The Benefits of Program Evaluation
HR program evaluation can provide numerous benefits for organizations, including:
Improved Performance: The evaluation process helps organizations identify areas where programs are performing well and areas that need improvement. By pinpointing these areas, organizations can make changes to their HR programs to enhance their effectiveness and achieve better outcomes.
Better Alignment: By gathering data, leaders can make more informed decisions about their HR programs and ensure that they’re aligned with the organization's goals and objectives. HR can become a much more strategic partner within the organization through this process.
Enhanced Accountability: Evaluation allows organizations to establish clear performance metrics, which helps to ensure that programs are achieving the desired outcomes. This also enables clear communication with stakeholders about the purpose and effectiveness of HR programs.
Improved Planning. Evaluation helps HR teams plan for future initiatives by providing data about the effectiveness of current programs. In addition, being able to show concrete proof of program ROI makes it easier for HR to get the resources they need.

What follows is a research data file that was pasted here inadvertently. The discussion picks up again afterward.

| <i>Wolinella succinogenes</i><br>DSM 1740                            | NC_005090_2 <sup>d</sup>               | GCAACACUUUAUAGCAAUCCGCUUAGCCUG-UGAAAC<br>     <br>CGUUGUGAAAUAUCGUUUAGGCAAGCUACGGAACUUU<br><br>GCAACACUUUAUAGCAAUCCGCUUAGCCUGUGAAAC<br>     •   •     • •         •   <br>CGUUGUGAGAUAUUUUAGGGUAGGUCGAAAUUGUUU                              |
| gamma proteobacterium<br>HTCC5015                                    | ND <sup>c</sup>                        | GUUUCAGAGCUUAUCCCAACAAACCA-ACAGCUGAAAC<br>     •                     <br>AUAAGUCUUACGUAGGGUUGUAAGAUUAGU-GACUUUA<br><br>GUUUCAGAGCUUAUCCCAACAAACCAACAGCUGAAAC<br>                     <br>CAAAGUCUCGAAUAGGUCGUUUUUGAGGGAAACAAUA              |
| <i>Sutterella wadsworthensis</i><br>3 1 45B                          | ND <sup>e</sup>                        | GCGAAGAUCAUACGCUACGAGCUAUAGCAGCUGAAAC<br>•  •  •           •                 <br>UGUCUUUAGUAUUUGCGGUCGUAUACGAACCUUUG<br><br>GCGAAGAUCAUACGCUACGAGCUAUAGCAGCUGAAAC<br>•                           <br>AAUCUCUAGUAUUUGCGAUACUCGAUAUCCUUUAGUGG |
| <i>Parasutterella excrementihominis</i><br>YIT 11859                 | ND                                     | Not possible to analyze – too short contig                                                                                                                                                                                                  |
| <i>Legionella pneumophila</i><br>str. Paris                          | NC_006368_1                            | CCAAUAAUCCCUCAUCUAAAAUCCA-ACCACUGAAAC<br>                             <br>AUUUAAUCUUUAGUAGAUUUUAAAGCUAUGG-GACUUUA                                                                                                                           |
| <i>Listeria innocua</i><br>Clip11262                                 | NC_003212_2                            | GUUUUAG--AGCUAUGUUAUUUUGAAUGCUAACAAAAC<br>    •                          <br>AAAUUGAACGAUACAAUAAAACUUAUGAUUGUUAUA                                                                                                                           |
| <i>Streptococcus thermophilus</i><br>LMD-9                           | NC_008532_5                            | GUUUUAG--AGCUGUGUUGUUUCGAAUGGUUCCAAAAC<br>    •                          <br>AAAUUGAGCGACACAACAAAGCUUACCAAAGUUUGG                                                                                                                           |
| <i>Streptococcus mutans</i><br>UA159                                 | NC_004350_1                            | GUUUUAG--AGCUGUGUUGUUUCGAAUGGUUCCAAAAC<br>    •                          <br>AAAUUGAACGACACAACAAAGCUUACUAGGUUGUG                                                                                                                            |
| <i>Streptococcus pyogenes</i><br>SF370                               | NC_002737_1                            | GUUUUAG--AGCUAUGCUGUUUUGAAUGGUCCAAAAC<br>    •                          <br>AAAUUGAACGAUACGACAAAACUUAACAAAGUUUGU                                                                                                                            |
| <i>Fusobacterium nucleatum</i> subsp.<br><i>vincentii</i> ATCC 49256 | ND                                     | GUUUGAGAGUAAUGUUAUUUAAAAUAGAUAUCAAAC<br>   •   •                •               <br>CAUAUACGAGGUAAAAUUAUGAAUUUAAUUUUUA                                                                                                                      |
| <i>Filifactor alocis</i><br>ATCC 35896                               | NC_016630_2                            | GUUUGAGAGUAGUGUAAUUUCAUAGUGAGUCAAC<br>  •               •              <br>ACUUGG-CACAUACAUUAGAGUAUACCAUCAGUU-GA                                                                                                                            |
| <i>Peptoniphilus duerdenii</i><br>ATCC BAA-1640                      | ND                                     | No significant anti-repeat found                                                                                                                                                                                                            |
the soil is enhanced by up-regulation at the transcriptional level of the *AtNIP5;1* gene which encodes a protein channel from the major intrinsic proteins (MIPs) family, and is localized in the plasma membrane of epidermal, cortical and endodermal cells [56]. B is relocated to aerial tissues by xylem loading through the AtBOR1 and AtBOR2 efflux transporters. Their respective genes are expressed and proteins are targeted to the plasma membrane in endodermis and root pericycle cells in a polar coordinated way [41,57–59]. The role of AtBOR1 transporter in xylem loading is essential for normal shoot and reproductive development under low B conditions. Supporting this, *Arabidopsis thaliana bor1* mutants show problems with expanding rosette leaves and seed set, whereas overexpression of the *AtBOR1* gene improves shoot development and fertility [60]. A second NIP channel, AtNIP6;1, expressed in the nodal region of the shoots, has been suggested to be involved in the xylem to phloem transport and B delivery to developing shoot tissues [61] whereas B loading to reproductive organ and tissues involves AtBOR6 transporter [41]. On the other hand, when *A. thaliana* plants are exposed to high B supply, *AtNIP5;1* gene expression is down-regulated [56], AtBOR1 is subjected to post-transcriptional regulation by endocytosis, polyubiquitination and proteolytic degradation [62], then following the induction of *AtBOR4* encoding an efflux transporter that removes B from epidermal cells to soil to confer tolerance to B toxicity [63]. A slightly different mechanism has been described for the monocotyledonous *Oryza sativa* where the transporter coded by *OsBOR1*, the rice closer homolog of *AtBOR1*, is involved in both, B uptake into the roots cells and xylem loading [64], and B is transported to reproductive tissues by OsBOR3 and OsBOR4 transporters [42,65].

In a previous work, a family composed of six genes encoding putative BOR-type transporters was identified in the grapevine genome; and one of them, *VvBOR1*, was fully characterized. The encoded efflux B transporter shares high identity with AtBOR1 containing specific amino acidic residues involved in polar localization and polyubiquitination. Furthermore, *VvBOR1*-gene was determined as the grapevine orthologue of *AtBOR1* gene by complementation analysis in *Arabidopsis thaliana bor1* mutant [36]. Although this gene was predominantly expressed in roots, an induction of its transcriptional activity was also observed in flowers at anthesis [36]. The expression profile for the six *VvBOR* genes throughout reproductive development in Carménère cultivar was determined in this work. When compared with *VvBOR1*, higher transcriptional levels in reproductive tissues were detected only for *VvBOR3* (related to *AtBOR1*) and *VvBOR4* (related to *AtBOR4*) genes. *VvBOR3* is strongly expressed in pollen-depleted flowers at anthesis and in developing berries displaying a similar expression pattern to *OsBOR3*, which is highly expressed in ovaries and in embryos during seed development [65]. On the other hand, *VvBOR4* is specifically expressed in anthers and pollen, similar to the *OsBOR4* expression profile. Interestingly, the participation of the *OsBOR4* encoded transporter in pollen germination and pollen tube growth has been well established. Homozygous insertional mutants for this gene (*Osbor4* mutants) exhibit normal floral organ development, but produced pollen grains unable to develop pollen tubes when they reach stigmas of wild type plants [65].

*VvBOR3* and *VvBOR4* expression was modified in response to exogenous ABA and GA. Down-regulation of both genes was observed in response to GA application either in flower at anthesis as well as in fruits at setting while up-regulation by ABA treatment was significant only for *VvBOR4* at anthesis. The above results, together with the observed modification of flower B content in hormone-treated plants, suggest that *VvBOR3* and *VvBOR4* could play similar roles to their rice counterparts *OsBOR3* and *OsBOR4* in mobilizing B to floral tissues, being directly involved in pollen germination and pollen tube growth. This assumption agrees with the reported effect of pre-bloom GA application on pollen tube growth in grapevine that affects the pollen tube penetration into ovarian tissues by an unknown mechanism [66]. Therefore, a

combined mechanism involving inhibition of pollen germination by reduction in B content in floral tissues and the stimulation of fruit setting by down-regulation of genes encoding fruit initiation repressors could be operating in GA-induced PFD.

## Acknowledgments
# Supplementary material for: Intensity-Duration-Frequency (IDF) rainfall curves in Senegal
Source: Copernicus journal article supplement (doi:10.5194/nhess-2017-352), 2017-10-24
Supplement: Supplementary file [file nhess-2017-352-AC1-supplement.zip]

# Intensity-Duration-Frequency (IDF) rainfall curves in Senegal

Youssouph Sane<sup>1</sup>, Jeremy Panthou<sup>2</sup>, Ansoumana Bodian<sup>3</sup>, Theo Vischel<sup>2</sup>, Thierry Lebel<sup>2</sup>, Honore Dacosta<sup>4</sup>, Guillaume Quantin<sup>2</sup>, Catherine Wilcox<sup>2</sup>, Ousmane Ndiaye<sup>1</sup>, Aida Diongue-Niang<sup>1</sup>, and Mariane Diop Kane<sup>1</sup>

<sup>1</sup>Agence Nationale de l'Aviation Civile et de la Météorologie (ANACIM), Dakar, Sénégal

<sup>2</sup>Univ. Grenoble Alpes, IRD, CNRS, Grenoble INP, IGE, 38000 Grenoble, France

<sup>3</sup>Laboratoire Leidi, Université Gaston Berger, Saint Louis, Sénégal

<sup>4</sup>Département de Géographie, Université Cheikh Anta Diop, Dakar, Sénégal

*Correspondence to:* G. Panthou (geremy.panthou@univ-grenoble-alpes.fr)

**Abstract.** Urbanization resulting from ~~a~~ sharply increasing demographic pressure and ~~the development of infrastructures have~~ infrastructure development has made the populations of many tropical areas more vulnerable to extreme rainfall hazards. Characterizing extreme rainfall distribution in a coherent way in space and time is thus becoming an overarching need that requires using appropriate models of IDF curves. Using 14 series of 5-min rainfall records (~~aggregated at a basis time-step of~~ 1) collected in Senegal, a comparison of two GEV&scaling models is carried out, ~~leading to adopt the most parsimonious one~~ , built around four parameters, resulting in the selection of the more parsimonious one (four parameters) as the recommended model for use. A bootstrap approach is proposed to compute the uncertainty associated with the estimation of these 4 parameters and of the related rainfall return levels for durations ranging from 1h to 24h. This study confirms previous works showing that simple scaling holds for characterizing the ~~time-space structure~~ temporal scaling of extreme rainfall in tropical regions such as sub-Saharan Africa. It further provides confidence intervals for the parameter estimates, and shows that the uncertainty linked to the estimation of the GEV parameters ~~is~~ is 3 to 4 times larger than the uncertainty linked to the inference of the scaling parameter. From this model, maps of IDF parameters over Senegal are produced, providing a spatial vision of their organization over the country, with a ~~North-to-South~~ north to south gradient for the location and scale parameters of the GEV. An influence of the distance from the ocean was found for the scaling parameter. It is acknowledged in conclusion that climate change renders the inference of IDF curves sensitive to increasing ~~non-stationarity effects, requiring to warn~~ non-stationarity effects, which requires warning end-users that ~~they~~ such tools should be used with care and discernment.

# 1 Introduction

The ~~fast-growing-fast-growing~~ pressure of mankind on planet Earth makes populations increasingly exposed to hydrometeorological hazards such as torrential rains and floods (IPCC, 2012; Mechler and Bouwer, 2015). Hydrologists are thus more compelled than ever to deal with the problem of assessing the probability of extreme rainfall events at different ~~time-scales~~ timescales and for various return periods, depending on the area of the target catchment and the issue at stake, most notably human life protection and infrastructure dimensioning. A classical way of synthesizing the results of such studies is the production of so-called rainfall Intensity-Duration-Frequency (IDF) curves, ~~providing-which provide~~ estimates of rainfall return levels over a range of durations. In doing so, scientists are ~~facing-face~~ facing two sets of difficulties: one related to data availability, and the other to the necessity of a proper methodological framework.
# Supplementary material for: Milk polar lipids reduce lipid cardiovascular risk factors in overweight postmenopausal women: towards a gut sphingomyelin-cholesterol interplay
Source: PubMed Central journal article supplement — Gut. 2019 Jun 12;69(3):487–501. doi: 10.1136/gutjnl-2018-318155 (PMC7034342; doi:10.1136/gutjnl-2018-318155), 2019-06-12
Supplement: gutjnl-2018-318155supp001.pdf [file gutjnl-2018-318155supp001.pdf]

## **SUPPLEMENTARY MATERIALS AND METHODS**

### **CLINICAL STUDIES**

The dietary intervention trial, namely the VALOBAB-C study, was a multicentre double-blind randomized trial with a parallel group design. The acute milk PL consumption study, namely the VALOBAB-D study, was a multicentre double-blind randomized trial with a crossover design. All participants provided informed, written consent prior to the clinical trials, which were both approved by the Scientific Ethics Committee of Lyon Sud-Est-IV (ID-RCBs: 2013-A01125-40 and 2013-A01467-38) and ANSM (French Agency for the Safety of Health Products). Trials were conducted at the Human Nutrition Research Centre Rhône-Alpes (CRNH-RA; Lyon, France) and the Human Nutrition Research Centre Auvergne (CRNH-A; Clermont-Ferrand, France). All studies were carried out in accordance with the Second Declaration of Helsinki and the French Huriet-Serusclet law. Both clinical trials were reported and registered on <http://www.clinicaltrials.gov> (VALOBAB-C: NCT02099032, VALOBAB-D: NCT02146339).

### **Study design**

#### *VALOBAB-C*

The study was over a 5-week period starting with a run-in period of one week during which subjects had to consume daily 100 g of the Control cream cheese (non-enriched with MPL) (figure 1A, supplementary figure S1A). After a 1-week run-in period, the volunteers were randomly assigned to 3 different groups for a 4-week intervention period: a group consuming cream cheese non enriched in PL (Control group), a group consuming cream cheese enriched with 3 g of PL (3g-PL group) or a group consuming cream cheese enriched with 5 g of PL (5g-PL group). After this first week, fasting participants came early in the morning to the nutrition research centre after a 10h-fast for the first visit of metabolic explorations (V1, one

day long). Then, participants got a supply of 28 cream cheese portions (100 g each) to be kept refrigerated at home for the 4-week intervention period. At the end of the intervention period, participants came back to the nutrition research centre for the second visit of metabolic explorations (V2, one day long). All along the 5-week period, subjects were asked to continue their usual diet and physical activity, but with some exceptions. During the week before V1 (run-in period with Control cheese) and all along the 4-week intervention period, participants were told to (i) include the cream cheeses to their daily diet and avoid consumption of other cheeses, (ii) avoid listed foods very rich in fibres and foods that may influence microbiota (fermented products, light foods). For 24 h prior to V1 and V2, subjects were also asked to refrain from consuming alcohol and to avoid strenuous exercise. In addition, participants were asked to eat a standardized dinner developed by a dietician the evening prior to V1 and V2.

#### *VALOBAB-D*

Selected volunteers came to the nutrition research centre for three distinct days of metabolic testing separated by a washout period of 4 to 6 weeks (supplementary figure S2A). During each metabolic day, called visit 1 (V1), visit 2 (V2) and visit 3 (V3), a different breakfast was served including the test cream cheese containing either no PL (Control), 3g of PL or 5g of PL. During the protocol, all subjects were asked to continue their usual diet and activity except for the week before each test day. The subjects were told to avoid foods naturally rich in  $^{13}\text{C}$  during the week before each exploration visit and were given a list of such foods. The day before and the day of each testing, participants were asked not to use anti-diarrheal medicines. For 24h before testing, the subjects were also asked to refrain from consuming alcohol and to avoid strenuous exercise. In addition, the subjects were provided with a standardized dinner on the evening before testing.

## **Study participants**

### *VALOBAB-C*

The 6 Steps of Effective Program Evaluation
Below are the 6 steps HR professionals can take to evaluate their programs. Note that while some organizations may have the resources and team members in place to support this process, it helps to leverage an expert partner — especially when it comes to gathering and interpreting data. For example, isolved offers HR Services which can do a full audit of programs.
- Set clear goals: Before implementing any program, it's important to set clear and specific goals. These goals should be measurable and achievable, and should align with the overall strategic objectives of the organization.
- Define metrics: Once the goals are set, HR should define specific metrics to measure the success of the program. There are a wide variety of metrics and indicators you might look at, including employee satisfaction and engagement, productivity, retention and turnover rates, absenteeism, cost per hire, and internal mobility rates.
- Collect data: HR should collect data on the program's effectiveness, both during and after implementation. It's important to collect both qualitative and quantitative data to gain a complete understanding of the program's impact. This data can be gathered through surveys, interviews, focus groups, or other methods.
- Analyze data: After collecting the data, HR should analyze it to determine whether the program is meeting its goals and metrics. This analysis should be both objective and thorough, taking into account any factors that may affect the results.